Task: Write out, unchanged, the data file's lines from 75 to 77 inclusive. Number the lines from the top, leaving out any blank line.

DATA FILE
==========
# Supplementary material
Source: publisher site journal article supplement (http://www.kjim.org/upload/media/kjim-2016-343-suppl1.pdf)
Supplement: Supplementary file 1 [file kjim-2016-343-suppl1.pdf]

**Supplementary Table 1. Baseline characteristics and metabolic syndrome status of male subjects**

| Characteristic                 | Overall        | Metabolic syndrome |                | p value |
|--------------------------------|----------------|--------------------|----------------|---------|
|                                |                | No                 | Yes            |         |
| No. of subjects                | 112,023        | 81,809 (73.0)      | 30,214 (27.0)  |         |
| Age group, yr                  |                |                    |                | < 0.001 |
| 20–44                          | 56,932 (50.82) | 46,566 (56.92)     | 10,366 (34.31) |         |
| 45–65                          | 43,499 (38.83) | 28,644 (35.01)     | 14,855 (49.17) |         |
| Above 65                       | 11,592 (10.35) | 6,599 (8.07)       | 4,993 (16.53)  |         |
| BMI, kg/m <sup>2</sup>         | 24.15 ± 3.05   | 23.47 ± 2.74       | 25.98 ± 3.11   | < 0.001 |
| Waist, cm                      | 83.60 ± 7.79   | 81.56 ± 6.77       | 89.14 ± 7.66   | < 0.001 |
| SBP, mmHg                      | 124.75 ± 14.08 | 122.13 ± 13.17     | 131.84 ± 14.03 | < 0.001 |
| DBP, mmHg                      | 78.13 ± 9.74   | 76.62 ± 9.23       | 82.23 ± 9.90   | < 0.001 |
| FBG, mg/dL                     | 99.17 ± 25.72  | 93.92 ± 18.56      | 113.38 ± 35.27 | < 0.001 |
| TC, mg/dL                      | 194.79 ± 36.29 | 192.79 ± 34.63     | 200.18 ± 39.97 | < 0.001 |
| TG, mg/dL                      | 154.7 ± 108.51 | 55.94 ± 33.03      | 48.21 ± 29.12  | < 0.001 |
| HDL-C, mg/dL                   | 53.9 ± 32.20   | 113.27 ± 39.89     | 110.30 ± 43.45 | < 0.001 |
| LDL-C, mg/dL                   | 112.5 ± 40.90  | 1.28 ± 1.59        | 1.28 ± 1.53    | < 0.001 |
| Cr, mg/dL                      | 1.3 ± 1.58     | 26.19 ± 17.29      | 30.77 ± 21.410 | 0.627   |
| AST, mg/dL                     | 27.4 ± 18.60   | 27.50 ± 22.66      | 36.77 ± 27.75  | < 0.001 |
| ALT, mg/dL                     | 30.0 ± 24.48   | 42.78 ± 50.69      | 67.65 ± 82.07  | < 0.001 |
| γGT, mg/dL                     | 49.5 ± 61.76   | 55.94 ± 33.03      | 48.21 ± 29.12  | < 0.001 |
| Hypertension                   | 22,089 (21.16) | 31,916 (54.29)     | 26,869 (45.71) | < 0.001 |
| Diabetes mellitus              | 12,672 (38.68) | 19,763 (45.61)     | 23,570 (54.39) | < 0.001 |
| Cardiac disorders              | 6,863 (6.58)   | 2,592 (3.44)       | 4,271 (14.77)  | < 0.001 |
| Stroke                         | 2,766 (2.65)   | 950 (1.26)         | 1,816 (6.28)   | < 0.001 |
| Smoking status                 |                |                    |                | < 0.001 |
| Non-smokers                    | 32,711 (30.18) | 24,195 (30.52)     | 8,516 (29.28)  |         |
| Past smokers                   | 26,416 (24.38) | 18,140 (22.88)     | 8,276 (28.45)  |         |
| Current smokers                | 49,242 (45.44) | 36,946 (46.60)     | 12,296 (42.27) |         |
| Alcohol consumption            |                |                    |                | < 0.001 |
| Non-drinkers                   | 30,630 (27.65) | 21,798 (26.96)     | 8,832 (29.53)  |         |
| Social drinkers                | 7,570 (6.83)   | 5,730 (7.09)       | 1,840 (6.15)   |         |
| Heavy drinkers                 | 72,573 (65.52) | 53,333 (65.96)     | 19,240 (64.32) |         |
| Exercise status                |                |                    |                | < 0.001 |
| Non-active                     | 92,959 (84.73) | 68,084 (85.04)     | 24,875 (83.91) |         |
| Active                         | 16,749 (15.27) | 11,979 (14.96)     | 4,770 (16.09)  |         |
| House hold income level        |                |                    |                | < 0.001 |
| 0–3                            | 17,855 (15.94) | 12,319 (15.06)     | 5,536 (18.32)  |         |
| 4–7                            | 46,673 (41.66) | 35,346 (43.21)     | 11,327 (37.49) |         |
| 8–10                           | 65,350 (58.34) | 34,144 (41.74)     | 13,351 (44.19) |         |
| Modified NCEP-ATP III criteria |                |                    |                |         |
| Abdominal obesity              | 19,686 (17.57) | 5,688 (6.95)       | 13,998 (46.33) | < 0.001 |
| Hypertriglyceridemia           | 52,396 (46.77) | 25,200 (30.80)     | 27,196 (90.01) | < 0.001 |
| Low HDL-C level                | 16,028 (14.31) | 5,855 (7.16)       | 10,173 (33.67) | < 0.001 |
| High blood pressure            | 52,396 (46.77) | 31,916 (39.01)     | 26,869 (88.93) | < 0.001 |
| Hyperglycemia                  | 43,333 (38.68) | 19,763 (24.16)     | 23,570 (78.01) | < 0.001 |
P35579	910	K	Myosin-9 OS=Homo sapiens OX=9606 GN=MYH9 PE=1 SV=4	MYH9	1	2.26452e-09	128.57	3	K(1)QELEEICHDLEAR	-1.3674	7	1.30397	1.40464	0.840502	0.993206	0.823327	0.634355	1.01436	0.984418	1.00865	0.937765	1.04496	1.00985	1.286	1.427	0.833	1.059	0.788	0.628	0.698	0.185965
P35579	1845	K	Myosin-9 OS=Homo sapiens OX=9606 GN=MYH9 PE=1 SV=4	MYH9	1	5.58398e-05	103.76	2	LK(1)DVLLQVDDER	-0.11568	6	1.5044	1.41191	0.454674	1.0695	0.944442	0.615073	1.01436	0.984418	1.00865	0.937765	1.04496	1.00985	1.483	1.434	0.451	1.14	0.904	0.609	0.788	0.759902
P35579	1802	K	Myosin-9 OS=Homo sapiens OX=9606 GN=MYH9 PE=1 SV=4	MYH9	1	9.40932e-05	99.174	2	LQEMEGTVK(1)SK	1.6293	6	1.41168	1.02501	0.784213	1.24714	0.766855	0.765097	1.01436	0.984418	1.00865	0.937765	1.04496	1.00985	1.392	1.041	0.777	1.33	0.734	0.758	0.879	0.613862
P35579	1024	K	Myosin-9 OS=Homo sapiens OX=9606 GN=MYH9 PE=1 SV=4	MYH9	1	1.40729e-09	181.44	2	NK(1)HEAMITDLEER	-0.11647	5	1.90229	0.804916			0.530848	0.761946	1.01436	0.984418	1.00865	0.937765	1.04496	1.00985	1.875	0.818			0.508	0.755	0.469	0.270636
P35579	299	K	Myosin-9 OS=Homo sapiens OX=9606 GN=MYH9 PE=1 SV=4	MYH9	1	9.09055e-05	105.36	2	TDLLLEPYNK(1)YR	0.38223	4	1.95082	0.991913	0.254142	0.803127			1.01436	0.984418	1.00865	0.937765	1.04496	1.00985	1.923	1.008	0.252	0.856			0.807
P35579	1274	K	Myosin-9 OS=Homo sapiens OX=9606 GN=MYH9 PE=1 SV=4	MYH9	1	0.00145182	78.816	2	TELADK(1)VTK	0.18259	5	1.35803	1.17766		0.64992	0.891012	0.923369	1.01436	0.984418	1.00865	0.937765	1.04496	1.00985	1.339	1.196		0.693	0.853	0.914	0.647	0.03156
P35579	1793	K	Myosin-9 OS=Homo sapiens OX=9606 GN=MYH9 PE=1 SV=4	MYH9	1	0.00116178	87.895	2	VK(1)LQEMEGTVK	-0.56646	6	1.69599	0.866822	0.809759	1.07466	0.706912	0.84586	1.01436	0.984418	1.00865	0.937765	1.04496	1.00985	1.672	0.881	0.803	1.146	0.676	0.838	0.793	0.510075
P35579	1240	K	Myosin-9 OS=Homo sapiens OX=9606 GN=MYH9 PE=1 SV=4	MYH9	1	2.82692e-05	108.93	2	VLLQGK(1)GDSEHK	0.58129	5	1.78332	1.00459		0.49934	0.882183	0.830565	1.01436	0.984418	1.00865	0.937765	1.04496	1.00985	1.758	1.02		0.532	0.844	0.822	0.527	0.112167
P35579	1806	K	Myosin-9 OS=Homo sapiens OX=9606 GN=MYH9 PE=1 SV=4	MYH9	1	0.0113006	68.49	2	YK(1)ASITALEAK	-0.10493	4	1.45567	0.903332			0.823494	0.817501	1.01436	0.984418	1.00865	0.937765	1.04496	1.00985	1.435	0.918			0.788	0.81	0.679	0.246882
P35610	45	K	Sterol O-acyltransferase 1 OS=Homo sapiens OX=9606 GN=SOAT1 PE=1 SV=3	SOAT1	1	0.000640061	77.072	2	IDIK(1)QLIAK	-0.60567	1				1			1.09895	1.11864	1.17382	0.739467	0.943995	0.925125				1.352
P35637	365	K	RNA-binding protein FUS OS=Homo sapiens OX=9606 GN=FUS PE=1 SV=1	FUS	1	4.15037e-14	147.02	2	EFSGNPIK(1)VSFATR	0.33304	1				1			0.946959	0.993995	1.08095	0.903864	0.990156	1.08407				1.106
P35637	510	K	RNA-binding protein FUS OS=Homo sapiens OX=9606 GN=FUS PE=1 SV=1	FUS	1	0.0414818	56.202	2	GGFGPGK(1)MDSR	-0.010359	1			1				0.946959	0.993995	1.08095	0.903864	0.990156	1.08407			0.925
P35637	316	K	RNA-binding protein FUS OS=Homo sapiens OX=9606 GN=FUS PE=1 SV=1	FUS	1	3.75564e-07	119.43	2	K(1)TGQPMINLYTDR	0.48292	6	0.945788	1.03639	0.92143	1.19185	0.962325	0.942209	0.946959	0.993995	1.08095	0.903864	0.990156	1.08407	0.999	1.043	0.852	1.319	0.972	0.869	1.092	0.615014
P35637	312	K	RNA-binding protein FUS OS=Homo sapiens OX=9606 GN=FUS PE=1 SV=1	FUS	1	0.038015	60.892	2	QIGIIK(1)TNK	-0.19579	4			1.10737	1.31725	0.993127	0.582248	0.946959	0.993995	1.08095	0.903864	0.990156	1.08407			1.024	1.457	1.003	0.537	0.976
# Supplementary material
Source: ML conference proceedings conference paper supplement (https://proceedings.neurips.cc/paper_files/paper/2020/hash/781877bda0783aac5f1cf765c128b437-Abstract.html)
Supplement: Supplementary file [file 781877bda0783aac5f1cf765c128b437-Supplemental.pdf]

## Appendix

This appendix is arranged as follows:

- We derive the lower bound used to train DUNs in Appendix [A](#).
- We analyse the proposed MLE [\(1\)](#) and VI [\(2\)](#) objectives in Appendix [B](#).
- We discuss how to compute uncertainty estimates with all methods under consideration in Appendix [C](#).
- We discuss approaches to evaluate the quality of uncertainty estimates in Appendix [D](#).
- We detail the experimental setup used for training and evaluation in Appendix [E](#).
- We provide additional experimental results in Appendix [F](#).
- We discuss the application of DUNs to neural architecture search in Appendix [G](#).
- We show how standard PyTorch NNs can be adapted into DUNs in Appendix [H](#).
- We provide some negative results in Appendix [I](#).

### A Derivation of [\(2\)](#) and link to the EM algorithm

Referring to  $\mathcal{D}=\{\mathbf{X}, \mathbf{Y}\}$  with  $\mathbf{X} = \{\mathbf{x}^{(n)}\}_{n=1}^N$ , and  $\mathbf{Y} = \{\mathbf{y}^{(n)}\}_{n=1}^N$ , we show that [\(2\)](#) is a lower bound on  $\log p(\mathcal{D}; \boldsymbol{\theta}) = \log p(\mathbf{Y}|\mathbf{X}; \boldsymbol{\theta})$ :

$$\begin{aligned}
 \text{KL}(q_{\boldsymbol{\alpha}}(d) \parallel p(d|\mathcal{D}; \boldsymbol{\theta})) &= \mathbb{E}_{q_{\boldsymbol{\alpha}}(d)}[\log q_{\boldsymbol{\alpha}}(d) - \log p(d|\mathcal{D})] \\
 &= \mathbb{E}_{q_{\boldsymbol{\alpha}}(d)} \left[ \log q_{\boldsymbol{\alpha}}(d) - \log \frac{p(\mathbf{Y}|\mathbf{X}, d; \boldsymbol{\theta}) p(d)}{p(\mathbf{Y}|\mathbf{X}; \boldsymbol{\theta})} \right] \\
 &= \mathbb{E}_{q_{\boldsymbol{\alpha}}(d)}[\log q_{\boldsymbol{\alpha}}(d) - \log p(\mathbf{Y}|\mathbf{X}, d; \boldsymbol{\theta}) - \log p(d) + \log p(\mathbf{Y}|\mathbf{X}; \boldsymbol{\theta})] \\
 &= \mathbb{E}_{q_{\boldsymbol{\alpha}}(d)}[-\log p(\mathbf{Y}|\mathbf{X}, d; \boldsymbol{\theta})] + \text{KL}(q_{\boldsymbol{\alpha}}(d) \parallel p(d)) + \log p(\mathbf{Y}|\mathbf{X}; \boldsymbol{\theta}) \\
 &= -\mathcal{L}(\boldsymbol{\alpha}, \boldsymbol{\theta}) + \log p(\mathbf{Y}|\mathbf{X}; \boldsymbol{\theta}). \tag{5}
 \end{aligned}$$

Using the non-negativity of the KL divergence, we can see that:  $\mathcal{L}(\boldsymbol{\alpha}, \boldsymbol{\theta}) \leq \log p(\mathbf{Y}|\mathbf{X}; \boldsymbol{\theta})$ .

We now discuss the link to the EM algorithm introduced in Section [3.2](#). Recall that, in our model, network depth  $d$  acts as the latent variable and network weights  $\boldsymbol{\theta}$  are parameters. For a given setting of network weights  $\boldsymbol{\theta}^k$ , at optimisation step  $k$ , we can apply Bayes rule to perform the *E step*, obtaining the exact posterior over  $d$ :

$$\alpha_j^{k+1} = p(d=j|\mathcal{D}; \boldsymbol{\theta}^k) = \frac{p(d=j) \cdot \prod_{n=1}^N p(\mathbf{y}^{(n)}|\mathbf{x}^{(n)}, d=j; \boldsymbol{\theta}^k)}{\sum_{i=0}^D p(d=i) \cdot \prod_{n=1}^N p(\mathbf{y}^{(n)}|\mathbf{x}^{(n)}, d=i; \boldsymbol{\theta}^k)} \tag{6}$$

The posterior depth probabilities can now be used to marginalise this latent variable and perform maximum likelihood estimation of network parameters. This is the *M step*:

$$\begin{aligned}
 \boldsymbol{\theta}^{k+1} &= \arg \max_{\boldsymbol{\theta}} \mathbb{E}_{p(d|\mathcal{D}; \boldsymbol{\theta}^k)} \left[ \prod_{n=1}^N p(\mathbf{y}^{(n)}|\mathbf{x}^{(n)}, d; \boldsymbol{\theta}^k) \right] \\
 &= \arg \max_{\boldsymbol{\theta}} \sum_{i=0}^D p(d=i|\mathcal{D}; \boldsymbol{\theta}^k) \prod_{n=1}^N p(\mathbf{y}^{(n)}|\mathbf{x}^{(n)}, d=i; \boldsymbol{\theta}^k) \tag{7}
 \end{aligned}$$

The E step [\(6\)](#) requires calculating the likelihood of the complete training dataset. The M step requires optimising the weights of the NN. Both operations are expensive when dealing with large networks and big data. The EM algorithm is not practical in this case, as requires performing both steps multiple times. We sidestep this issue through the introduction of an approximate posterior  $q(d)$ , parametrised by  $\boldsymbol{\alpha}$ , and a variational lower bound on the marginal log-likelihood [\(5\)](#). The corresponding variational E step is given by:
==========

- We provide additional experimental results in Appendix [F](#).
- We discuss the application of DUNs to neural architecture search in Appendix [G](#).
- We show how standard PyTorch NNs can be adapted into DUNs in Appendix [H](#).